Kindness strengthens the brain: Study shows it helps boost the entire family’s cognitive health

By Jocelyn Solis-Moreira

Doing an act of kindness can make you feel good about yourself, and a new study suggests it also benefits the brains of everyone living under one roof. Researchers from The University of Texas at Dallas report that teaching and practicing kindness at home improved parents’ resilience and children’s empathy.

Because both resilience and empathy use different cognitive skills such as responding well to stressors or considering different perspectives, the researchers suggest kindness can improve a person’s cognition.

The Children’s Kindness Network is an online kindness training program that enrolled 38 mothers and their 3- to 5- year old children. The program included “Kind Minds With Moozie” with five modules featuring a digital cow who explained creative exercises parents can use with their kids to learn about kindness.

“We aim to encourage parents to engage in practical, brain-healthy interactions with their children that aid in a better understanding of one another, especially during times of stress,” says Maria Johnson, MA, director of Youth & Family Innovations and coauthor of the study in a media release. “Research shows that kindness is a strong potentiator of vibrant social engagement, which in turn is a critical component of overall brain health.”

The team studied the impact on the program and children’s empathy. Parents filled out a survey on their own resilience and their kids’ empathy before and after the training program. Results showed that after the program, parents reported being more resilient and preschool-aged children were more empathetic. 

One surprising finding was that children’s empathy levels were below average despite showing improvements after training. The team explains this is likely because of COVID-19 restrictions and lockdowns that limited children’s social and emotional development.

“In times of stress, taking a moment to practice kindness for yourself and model it for your children can boost your own resilience and improve your child’s prosocial behaviors,” says Julie Fratantoni, PhD, cognitive neuroscientist and head of operations for The BrainHealth Project. “Do not underestimate the power of kindness, because it can ultimately change and shape brain health.”



What does healing look like for you?


Will you stop avoiding?

Will you trust again?

Will life be normal?

Will intrusive thoughts stop?

Will setbacks be over with?

Will we be happy?

Will we take more risks?

Will we still suffer?

Matthew Ricard (Happiness): THE SELF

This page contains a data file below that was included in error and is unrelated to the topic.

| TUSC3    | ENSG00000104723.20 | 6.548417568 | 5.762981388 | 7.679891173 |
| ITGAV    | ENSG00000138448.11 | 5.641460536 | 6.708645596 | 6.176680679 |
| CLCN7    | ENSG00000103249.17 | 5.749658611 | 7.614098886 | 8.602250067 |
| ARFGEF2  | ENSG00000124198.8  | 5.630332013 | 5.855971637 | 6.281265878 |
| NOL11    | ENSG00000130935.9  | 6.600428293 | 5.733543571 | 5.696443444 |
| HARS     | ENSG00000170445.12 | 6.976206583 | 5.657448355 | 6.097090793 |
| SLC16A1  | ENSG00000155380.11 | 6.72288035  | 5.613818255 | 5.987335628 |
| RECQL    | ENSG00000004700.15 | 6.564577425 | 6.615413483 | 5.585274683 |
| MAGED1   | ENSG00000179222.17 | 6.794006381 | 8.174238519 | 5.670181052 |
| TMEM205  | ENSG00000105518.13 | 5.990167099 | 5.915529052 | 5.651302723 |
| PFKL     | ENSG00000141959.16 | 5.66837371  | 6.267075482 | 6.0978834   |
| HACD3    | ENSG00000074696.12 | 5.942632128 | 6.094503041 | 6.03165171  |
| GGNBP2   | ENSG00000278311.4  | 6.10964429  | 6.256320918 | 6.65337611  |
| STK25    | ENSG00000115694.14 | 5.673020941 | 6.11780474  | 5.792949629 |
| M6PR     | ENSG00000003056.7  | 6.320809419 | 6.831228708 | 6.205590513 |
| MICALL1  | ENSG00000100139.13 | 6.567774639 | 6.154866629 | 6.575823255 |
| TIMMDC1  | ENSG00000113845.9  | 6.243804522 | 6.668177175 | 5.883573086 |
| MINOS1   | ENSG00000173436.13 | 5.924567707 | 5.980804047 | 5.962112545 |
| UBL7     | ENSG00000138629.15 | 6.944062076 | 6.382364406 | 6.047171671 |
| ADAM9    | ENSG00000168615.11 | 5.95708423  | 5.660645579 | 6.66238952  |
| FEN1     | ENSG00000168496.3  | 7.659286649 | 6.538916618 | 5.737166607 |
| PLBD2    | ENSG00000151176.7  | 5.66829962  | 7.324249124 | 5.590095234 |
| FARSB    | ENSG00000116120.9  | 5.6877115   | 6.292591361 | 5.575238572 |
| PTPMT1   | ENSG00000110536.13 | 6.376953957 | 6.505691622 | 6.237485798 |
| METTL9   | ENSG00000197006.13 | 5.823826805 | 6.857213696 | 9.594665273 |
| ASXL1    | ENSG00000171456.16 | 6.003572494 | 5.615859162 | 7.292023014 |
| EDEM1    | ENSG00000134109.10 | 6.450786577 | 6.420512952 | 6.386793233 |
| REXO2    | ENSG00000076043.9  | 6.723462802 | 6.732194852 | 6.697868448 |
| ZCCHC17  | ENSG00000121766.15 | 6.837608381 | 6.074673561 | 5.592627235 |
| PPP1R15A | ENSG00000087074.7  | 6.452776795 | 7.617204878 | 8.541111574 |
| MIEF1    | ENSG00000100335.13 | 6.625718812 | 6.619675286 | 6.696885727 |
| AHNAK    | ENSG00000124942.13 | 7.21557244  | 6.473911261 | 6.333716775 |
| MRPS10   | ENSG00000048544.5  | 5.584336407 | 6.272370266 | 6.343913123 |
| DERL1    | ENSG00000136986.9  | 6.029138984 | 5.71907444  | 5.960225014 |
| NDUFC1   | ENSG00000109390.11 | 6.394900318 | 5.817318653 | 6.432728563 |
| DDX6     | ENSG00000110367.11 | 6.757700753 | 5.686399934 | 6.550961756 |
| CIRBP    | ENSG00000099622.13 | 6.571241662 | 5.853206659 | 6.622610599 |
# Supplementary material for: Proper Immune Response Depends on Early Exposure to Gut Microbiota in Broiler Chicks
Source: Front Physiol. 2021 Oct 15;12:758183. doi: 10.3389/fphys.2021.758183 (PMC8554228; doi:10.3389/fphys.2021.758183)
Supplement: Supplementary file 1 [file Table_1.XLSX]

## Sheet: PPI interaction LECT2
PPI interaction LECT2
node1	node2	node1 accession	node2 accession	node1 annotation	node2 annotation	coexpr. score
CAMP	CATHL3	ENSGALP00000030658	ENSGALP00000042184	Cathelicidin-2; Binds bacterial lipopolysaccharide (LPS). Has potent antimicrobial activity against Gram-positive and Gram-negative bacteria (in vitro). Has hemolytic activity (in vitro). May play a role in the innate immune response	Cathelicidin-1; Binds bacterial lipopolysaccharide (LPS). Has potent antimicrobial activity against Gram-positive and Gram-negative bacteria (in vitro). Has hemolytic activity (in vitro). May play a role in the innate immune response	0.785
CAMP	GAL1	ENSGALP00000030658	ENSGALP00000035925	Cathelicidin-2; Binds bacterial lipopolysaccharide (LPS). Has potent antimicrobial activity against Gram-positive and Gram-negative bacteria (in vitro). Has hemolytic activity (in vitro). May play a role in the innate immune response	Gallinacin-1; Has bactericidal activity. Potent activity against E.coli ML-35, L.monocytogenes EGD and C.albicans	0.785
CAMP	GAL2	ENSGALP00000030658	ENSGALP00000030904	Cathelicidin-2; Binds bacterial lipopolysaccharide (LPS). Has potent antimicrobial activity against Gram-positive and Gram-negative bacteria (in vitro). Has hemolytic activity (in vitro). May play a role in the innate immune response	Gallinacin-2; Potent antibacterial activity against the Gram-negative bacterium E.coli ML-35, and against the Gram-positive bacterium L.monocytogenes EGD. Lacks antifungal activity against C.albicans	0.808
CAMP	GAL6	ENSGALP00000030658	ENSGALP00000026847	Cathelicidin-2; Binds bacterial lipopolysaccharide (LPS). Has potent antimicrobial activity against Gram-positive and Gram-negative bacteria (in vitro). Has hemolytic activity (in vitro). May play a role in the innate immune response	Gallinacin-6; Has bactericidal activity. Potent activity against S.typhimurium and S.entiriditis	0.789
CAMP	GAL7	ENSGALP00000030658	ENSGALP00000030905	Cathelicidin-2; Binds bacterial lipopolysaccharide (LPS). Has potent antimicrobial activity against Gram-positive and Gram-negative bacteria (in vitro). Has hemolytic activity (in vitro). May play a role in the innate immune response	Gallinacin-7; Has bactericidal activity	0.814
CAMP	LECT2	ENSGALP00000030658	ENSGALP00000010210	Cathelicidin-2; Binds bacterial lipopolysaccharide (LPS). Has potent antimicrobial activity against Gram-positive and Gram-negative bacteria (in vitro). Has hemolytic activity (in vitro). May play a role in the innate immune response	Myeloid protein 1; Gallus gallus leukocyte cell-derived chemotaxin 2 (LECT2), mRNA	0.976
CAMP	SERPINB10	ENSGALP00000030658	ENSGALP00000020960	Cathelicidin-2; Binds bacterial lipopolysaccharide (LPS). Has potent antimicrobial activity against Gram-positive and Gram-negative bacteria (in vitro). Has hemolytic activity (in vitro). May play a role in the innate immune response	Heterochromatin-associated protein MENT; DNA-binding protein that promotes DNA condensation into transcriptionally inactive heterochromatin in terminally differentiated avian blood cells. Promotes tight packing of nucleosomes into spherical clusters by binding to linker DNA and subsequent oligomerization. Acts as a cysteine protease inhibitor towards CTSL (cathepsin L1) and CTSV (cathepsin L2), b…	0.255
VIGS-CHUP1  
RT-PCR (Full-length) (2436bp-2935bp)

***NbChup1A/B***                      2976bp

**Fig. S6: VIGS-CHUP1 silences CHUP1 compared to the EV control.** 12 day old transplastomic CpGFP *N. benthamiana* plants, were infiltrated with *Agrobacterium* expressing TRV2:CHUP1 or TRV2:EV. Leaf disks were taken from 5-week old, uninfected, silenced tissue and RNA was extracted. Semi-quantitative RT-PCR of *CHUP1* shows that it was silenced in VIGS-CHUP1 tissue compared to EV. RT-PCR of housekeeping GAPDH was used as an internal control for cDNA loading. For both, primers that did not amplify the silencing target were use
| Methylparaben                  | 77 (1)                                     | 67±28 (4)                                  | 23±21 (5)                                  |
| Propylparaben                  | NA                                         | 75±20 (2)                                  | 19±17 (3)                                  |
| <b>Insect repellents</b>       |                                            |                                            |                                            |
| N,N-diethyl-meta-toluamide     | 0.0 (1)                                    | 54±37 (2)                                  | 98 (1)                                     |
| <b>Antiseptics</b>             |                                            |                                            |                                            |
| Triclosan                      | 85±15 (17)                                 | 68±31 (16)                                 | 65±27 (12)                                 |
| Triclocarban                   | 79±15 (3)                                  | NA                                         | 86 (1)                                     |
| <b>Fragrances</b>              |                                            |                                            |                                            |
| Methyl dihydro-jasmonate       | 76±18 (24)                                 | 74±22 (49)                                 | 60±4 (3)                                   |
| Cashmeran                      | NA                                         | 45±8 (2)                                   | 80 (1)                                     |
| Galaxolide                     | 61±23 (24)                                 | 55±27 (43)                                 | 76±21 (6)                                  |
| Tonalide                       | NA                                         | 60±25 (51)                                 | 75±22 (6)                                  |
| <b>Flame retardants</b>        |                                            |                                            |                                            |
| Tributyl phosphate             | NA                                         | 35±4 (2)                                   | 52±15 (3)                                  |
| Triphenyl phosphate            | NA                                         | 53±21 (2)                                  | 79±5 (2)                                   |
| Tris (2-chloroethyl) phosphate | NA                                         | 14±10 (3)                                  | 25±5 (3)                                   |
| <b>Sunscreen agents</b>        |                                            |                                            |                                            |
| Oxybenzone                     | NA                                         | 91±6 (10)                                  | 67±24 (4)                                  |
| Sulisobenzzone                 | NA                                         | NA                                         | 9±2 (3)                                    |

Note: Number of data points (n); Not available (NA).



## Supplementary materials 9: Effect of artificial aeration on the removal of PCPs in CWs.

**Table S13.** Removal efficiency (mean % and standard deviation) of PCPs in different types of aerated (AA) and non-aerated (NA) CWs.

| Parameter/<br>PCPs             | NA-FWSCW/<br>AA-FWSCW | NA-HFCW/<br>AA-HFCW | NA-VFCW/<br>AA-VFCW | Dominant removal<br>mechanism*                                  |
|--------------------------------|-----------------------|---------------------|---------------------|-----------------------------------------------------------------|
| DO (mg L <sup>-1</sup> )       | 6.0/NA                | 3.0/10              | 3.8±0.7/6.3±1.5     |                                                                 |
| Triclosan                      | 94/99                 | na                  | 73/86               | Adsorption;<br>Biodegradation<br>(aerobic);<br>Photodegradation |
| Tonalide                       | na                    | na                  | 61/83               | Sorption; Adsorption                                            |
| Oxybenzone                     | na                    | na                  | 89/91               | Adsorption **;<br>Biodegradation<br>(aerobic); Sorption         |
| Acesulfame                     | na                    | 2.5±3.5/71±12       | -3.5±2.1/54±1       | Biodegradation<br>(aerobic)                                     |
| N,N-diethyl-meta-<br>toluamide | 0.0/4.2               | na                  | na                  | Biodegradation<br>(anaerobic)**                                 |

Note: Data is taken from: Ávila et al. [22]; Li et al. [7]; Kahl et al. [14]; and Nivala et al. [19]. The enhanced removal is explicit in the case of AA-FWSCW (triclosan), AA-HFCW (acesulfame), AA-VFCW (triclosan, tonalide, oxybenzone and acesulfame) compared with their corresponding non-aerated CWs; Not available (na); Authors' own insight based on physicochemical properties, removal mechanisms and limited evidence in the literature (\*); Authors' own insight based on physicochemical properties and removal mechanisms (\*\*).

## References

Rigorous analysis leads us to conclude that the self does not reside in any part of the body, nor is it some diffuse entity permeating the entire body.

We willingly believe that the self is associated with consciousness, but consciousness too is an elusive current: in terms of living experience, the past moment of consciousness is dead (only its impact remains), the future is not yet, and the present doesn’t last.



How could a distinct self exist, suspended like a flower in the sky, between something that no longer exists and something that does not yet exist?

It cannot be detected in either the body or the mind; it is neither a distinct entity in a combination of the two, nor one outside of them.

No serious analysis or direct introspective experience can lead to a strong conviction that we possess a self.

Someone may believe himself to be tall, young, and intelligent, but neither height nor youth nor intelligence is the self.

Buddhism therefore concludes that the self is just a name we give to a continuum, just as we name a river the Ganges or the Mississippi.

Such a continuum certainly exists, but only as a convention based upon the interdependence of the consciousness, the body, and the environment.

It is entirely without autonomous existence.

Giving, volunteering, has special benefits.

Avoidance has been an issue for me, I have isolated myself too much over the last decade.

My kundalini teacher says we need to be part of the conscious collective, be part of a vibrant community, a support system.

An enormous challenge for us, way out of our comfort zone, this seems the ultimate test for us.

Volunteering for my grandson’s baseball team has brought nuggets of community, connection, and satisfaction.



PTSD disappears when enthralled in their midst.

I am accepted, almost revered as an old pro baseball player.

Even being a little special to a group of 11-year-olds has wrapped me in a soothing blanket.

I am valued and accepted unconditionally.

This coaching has brought a sense of purpose, a desire to share and a much-needed connection to others.

The kids are stoked, improving while I have made new friends with other coaches and parents.

I get lost in their midst sharing my wisdom while chatting with parents and other coaches.

I am part of a live group again.

Something I have avoided rigorously, now brings me connection, purpose and satisfaction.

It is my element, a baseball diamond, I feel the most confident and at ease in this scenario.

Moral of the Story: Find something you love, then find a way to insert yourself.

It is hard to make that first step, to trust enough to take that risk.

It causes healing and growth.

My spirits are lifted and the kids give me gratitude.



Oh that soothes this old man.

My grandson has gained confidence and depends on me being there, that is a wonderful feeling.

He is anxious and feels awkward. I bring him comfort being there, coaching.

What a wonderful feeling, I need more of these feelings.

Happy Healing!